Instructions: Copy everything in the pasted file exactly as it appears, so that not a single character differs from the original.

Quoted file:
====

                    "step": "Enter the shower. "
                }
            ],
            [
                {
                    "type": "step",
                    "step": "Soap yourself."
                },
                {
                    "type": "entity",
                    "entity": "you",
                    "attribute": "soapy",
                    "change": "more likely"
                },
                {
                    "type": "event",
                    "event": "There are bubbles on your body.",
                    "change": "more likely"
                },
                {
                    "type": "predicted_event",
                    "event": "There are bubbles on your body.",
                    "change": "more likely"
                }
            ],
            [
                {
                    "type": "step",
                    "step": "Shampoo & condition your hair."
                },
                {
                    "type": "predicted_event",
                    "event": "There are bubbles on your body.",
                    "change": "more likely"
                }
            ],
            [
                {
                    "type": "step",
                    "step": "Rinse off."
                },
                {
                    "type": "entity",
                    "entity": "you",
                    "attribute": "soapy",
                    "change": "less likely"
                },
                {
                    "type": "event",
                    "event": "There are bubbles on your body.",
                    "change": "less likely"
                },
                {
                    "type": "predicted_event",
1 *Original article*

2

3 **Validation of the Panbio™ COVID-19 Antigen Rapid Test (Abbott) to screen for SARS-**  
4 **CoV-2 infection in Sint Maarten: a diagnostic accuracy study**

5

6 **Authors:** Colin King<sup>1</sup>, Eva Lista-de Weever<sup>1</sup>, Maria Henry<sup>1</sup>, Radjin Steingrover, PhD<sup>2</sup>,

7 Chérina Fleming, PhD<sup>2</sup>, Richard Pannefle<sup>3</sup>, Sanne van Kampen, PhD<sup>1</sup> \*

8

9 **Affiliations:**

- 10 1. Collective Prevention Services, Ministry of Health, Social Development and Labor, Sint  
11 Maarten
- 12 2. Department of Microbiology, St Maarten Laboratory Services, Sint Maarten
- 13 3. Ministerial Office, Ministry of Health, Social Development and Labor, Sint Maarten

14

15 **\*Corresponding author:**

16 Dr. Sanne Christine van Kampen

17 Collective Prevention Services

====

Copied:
                    "step": "Enter the shower. "
                }
            ],
            [
                {
                    "type": "step",
                    "step": "Soap yourself."
                },
                {
                    "type": "entity",
                    "entity": "you",
                    "attribute": "soapy",
                    "change": "more likely"
                },
                {
                    "type": "event",
                    "event": "There are bubbles on your body.",
                    "change": "more likely"
                },
                {
                    "type": "predicted_event",
                    "event": "There are bubbles on your body.",
                    "change": "more likely"
                }
            ],
            [
                {
                    "type": "step",
                    "step": "Shampoo & condition your hair."
                },
                {
                    "type": "predicted_event",
                    "event": "There are bubbles on your body.",
                    "change": "more likely"
                }
            ],
            [
                {
                    "type": "step",
                    "step": "Rinse off."
                },
                {
                    "type": "entity",
                    "entity": "you",
                    "attribute": "soapy",
                    "change": "less likely"
                },
                {
                    "type": "event",
                    "event": "There are bubbles on your body.",
                    "change": "less likely"
                },
                {
                    "type": "predicted_event",
1 *Original article*

2

3 **Validation of the Panbio™ COVID-19 Antigen Rapid Test (Abbott) to screen for SARS-**  
4 **CoV-2 infection in Sint Maarten: a diagnostic accuracy study**

5

6 **Authors:** Colin King<sup>1</sup>, Eva Lista-de Weever<sup>1</sup>, Maria Henry<sup>1</sup>, Radjin Steingrover, PhD<sup>2</sup>,

7 Chérina Fleming, PhD<sup>2</sup>, Richard Pannefle<sup>3</sup>, Sanne van Kampen, PhD<sup>1</sup> \*

8

9 **Affiliations:**

- 10 1. Collective Prevention Services, Ministry of Health, Social Development and Labor, Sint  
11 Maarten
- 12 2. Department of Microbiology, St Maarten Laboratory Services, Sint Maarten
- 13 3. Ministerial Office, Ministry of Health, Social Development and Labor, Sint Maarten

14

15 **\*Corresponding author:**

16 Dr. Sanne Christine van Kampen

17 Collective Prevention Services